“The Community Scholars scholarship really helped me continue school because there is no way that I would have continued school being a first-generation
student,” Velasquez said. “And as a DACA student, I don’t qualify for federal financial aid. It gave me a lift. I get to be here for four years and not pay tuition at all. With
that, I’m planning to go back to my Latino leadership group at Waunakee help those juniors and seniors think about their future and to open up and continue being
who they are.”
While Okekue plans to get involved at West High, Nasid decided to do something new.
“I haven’t really involved myself that much in the Boys & Girls Club here in Dane County,” Nasid saaid. “I really want to start volunteering there because I used to go
there when I was 10-years-old. I still remember all of the friends that I had there and the stuff we did. Although we all came from different backgrounds and
experiences, we all put that aside when we were there. I thought that was really, really beautiful. I want to dedicate some time volunteering there.”
And all three scholars chose Edgewood College, at least in part, because it was small enough to get their heads around. Through West High, Okelue met other
Community Scholars and they gave him a sales pitch for Edgewood.
By Jonathan Gramling
Since 2006, Edgewood College has brought three or more bright, community-minded students to their
campus through the Community Scholars program, often times first-generation students who wouldn’t
have been able to afford to attend Edgewood without the tuition, books and school supplies
scholarship. In return, the students are asked to continue to do their thing by getting engaged in the
campus and community.
The 2018 Community Scholars are notable for their dedication to their fellow students in the face of
When Donald Trump was elected in 2016 and immediately started threatening President Obama’s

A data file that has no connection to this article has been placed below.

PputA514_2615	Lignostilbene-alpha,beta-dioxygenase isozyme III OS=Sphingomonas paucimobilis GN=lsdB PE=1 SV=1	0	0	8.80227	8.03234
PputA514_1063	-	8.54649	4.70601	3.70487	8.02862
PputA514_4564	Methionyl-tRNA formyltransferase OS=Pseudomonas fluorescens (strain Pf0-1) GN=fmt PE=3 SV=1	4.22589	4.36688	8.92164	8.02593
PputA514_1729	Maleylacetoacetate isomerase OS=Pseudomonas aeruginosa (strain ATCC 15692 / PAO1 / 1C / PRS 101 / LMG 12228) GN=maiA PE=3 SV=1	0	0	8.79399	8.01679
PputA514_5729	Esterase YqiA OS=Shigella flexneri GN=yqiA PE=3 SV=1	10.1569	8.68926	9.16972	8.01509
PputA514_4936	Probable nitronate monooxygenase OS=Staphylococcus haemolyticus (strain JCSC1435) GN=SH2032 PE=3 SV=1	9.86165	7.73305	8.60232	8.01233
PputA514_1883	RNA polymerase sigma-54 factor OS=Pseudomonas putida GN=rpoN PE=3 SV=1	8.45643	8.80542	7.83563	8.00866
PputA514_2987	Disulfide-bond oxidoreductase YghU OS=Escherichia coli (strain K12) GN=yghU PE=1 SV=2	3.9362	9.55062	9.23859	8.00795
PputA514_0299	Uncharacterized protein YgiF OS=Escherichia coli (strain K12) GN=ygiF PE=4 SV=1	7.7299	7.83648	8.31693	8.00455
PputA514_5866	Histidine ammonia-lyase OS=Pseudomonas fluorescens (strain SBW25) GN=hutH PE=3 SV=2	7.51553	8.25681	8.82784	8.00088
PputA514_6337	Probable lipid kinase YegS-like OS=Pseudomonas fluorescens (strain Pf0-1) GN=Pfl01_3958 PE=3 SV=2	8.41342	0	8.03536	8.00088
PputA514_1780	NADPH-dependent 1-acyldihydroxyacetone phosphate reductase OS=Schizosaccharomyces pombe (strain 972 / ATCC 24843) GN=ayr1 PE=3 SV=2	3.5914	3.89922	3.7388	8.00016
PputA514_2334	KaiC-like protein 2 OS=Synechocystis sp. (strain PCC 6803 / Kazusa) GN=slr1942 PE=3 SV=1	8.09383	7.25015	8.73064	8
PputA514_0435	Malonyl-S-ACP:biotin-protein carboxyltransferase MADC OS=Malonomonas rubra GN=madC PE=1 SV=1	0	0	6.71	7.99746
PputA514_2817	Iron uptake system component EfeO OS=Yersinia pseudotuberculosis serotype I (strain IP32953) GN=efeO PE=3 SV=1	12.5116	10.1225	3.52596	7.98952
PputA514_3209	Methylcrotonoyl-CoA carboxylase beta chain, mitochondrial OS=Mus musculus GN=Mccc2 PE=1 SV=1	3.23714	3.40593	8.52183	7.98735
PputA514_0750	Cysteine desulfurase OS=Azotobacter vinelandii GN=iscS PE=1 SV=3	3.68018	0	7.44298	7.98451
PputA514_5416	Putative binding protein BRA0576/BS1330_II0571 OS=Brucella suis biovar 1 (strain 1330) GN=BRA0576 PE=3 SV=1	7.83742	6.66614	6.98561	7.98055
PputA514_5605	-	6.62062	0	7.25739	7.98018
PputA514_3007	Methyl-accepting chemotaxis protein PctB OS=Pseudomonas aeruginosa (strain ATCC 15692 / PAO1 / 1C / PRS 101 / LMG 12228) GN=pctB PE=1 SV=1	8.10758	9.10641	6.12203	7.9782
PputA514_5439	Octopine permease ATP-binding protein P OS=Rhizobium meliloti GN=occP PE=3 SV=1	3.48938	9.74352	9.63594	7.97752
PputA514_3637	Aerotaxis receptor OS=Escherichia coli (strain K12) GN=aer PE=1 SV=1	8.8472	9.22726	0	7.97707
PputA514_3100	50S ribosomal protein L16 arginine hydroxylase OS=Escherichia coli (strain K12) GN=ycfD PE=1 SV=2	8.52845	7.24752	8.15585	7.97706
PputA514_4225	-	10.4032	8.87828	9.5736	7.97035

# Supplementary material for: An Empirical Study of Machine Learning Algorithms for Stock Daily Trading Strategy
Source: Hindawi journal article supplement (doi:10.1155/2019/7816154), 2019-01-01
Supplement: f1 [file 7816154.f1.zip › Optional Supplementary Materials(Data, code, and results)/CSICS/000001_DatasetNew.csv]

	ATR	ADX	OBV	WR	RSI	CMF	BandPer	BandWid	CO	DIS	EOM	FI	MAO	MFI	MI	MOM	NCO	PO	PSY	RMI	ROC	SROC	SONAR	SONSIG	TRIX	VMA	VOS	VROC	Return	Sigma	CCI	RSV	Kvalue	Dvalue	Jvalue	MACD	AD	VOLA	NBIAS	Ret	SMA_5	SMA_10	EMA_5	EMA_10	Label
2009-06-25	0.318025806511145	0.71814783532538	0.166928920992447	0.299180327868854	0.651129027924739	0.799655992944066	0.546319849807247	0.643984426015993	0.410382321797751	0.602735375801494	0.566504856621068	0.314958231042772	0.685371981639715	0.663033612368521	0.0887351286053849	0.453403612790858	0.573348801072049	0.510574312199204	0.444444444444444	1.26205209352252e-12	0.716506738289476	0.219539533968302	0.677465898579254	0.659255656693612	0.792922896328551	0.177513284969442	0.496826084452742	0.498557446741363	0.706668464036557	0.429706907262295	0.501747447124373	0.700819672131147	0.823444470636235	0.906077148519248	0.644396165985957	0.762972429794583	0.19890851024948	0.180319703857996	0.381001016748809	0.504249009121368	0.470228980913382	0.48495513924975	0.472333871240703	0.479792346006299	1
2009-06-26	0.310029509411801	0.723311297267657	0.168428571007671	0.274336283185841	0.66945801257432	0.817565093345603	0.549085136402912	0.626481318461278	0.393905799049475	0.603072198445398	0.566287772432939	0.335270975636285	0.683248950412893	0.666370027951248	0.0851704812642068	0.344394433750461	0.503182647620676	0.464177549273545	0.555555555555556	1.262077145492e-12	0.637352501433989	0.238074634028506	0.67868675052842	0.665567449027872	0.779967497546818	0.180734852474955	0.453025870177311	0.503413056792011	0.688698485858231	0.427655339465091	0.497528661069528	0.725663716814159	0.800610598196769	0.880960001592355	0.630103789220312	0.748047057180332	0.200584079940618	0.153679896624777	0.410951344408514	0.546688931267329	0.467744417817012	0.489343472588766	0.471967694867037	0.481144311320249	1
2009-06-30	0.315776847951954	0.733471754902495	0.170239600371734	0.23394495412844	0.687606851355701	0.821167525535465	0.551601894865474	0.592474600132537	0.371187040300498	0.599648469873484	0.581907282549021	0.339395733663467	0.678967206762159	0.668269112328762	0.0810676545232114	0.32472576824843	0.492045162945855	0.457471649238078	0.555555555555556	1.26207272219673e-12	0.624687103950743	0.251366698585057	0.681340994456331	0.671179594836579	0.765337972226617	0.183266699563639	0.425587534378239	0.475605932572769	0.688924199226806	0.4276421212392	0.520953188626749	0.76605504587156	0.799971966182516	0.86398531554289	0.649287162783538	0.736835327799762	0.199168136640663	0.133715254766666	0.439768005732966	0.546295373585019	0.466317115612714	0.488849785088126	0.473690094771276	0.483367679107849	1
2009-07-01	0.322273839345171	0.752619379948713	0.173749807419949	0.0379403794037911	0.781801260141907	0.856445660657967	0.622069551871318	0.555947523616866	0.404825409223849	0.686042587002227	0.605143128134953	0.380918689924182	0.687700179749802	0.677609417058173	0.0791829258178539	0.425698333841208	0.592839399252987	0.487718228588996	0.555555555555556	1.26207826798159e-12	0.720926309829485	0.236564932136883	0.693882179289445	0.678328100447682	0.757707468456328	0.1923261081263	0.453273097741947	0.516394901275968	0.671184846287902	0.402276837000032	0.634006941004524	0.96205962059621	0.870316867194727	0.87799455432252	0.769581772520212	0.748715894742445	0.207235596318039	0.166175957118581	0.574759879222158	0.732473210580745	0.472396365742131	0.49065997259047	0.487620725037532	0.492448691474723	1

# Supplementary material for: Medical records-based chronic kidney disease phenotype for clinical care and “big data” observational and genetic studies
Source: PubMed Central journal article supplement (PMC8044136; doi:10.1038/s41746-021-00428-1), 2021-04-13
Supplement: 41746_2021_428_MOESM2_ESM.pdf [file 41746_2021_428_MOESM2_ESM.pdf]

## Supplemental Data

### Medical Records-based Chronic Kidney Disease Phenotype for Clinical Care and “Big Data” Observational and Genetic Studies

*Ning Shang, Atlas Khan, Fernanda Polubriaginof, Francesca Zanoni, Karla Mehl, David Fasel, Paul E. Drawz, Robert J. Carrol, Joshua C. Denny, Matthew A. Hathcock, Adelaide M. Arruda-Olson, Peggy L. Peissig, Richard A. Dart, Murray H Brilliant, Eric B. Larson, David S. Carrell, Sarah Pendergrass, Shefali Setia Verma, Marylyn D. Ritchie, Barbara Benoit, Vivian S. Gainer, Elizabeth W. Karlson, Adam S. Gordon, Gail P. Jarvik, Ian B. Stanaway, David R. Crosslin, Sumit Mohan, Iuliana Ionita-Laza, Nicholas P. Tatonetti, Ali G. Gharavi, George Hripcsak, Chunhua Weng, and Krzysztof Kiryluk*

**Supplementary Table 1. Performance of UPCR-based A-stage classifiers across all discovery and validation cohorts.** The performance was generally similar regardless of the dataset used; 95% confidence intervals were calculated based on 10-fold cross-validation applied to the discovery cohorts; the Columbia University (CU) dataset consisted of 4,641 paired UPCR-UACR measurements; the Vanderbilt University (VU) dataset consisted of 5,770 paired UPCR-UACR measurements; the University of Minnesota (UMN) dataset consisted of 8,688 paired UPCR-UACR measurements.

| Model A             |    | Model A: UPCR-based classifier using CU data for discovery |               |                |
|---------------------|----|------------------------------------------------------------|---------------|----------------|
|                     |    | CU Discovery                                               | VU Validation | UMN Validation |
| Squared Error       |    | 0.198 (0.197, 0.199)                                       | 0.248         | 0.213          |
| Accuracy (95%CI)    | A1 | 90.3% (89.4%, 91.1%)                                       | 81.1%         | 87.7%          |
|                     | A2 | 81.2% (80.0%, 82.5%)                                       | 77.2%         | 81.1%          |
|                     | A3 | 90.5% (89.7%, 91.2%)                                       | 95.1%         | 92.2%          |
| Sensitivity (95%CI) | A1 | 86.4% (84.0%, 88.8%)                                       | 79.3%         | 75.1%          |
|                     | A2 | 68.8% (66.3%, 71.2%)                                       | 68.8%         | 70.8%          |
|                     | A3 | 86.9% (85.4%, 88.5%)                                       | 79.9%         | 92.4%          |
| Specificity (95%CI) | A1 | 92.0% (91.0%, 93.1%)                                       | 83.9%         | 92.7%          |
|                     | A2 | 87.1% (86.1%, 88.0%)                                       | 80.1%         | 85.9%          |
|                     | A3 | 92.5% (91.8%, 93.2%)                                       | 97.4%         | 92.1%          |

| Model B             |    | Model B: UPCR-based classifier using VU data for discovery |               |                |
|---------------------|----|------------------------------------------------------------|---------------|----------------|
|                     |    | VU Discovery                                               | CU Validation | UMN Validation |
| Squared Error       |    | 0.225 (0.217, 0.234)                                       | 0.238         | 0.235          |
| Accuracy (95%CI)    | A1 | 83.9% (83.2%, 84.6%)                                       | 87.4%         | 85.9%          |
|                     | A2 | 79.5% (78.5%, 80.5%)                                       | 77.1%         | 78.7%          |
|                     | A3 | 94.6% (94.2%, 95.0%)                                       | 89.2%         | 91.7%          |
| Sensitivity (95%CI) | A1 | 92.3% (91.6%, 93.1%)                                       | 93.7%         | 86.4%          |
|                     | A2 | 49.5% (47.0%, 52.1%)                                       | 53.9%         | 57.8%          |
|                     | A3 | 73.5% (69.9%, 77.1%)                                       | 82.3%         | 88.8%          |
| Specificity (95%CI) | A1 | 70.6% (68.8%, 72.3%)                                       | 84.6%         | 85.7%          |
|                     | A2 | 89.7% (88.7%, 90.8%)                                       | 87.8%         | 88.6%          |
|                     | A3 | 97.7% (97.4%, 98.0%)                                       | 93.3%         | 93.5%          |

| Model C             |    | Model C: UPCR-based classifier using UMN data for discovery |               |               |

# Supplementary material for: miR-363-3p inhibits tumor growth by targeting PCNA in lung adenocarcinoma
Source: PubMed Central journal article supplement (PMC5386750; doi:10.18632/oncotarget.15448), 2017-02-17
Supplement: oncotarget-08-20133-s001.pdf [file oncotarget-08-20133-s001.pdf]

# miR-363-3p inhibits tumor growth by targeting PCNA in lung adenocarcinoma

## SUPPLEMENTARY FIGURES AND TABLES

Deferred Action for Childhood Arrivals program. Vivi Velasquez, a DACA student at Waunakee High
School, decided to do something about it. She started a group for Latino and other students that grew to
13 students by the end of its first year.
“That was around the time when we were starting to think about college,” Velasquez said. “Our future
was on the line. In addition to being there for one another, we also offered each other support and
information about college. The teachers also helped us out. We also did a lot of tutoring and mentoring
with younger kids. We helped them explore things they could do later in high school. We also talked
about our group and how they could also have people there for them. They also started their Little
Dreamers group. That was really cool, leaving high school and having younger kids looking up to us. It
also felt good to start something that is continuing.”
“They told me that it is a small school with a big school vibe,” Okelue said. “I really
liked that because I always liked the big school of UW-Madison, but I really liked the
small class sizes. The think I really liked about Edgewood is the faculty and the
people here really show genuinely that they support you and want you to the best that
you can. That’s what really caught my eye. I felt I would just be a number at a bigger
institution. Here at Edgewood, I would just be a regular face. I liked that a lot, so I
decided to choose Edgewood. I toured Edgewood. I liked it. It seems okay, very clean
and nice. I thought it would be a nice school to be at for four years.”
The Community Scholars are used to being scholars of color in predominantly white
institutions. Entering Edgewood College for Okelue and Nasid, it means going into a
less diverse environment.
“One thing I am concerned about is meeting people who aren’t aware of things or
issues, people who normally don’t become aware of them in their hometowns,”
Okelue said. “Edgewood is surrounded by a lot of people out of Madison. I’m
interested in how things will play when situations or issues come up that they are not
aware of and how people will act.”
While there may be those concerns, all three students are looking forward to
embracing everything that Edgewood has to offer.
“I’m thinking about the change,” Velasquez said. “You’re going from high school to
college. You’re doing all of this and then you are going to college and you are on your
own having to take care of yourself. I know that Edgewood does a lot of community
stuff. I want to get involved in that. They do a lot of events. I’m really excited about the
events that they plan because they are pretty fun.”
And Community Scholars will allow Okelue to become who he is and not what others
expect him to be.
“The Community Scholars program really helped me with the financial part of school,”
Okelue said. “If it weren’t for the program, personally I wouldn’t be at Edgewood. I
probably would have had to pursue a career in sports to help pay for school. I really
liked how it allowed me to focus more on school and not use athletics to get me
The 2018 Community Scholars are set to make their mark on Edgewood College and
beyond. And students everywhere will benefit from their commitment to students and